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Your "Other" Marriage Contract #780

05/30/2023 12:19:57 PM


Rabbi Irwin Huberman

Parashat Shavuot
Your "Other" Wedding Contract

Today — Shavuot — marks the wedding anniversary between the Jewish people and God. 

It is probably the most important Jewish holiday. Yet, ironically, most people have never heard of it.

If you were to ask most people what holiday we are celebrating this weekend, chances they would answer "Memorial Day."

You are not alone.

Indeed, if there was ever day in need of a marketing campaign, it is Shavuot, because above all, this holiday commemorates, perhaps, the single most important event in Israel's history.

It defines who we are as Jews. It’s what makes us unique.

In ancient times, there were three major festivals — Succoth, Pesach and Shavuot. Hundreds of thousands of would travel to Jerusalem to mark each of these three festivals.

And, while Shavuot’s two biblical counterparts, Succoth and Pesach, are known for building little huts and eating matzah respectively, Shavuot is too often linked with blintzes and ice cream sundaes — supposedly to symbolize how sweet Torah is.

No, that doesn’t inspire me either.

But let’s take a brief moment and establish why Shavuot is so pivotal to Jewish identify.  

The Torah calculates that 49 days after the Jewish Exodus from Egypt, the Israelites gathered around Mount Sinai, and there, something amazing occurred that changed the course of history.

Moses placed before the Children of Israel the Ten Commandments.

Some biblical scholars say that up to that point, God and the Jewish people were just “dating.” 

Until then, the Torah relates the wonderful stories of Abraham, Isaac, Jacob, Sarah, Rebecca, Rachel and Leah. It enables us to witness the Israelites’ enslavement and their liberation from Egypt.

But something remarkable happened on the morning of sixth day of Sivan, 3,316 years ago. The Jews and God entered into the covenant of marriage.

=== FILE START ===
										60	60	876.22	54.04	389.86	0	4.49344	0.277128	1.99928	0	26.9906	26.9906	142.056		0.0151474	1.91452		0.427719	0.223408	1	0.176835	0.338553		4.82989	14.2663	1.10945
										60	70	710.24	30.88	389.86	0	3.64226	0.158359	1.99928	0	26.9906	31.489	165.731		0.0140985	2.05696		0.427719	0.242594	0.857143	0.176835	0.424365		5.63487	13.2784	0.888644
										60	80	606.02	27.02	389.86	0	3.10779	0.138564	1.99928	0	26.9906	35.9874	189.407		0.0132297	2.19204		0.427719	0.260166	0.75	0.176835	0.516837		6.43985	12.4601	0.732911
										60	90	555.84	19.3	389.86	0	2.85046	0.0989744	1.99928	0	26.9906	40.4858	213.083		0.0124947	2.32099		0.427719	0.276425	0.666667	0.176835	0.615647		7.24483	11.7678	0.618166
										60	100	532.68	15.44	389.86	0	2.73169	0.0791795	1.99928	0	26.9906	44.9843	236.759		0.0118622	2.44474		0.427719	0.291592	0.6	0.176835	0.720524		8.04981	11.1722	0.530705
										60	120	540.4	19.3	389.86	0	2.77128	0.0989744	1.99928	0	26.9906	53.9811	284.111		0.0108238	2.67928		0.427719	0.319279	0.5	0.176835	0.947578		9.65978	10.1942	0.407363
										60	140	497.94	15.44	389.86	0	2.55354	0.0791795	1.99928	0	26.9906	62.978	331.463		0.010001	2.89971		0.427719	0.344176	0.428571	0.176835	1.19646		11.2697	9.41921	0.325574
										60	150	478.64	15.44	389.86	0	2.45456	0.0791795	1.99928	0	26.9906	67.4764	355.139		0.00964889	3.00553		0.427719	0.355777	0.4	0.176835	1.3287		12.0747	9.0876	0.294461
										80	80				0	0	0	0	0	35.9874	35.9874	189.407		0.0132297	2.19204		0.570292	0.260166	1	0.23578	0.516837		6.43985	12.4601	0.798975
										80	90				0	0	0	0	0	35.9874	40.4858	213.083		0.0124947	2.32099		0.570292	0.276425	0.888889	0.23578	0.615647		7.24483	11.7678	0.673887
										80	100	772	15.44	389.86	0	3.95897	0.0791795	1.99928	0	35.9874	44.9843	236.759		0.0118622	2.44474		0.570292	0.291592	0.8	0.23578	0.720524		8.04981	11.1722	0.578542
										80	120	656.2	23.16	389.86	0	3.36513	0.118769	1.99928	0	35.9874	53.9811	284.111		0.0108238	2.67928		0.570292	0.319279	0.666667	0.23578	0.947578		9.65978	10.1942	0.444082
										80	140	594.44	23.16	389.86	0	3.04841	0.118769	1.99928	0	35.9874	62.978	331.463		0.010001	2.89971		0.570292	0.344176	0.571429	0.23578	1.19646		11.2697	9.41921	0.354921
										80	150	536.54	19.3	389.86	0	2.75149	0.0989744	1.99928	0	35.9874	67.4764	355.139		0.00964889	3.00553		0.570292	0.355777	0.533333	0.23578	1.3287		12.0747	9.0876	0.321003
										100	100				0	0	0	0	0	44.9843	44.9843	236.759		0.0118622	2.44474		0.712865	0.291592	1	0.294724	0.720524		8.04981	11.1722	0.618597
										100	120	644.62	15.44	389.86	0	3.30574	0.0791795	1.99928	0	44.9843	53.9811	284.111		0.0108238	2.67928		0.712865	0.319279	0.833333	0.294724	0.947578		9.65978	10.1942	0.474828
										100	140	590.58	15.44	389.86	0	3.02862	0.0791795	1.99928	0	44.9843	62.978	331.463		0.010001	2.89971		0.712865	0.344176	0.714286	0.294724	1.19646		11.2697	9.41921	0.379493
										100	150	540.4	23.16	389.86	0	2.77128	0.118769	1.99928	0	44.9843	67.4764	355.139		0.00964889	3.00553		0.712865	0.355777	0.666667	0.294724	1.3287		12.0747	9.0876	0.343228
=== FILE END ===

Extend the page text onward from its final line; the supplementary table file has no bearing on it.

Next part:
God is the groom. We are the bride.

On Shavuot, we read the Ten Commandments, as we are reminded that with freedom, comes a responsibility to act.

Unlike many other religions, Judaism is less occupied by earning a place in heaven. Rather, we commit ourselves towards creating heaven on earth — a world based on justice, equality and kindness.

Have you looked at the world lately? There is so much still to be done. The Talmud tells us that although we can’t heal the world on our own — that doesn’t absolve us from trying to improve our corner of it.

A report in 2016 compared giving levels of Jewish people to other religions. According to Giving USA, the average annual Jewish household donated $2,526 to charity yearly, significantly more than other religions. Most of it was donated to secular causes. Indeed, the idea of universal charity is embedded within the Jewish DNA.

It is said that during that first Shavuot — more than 3,000 years ago — two Torahs were given on Mount Sinai. One was “the Torah,” which centered around the Ten Commandments, and the other was the “oral Torah.”

The latter has been transmitted from parent to child. It never says in the Torah that we should be kind. That is something we learned from our parents, grandparents and teachers.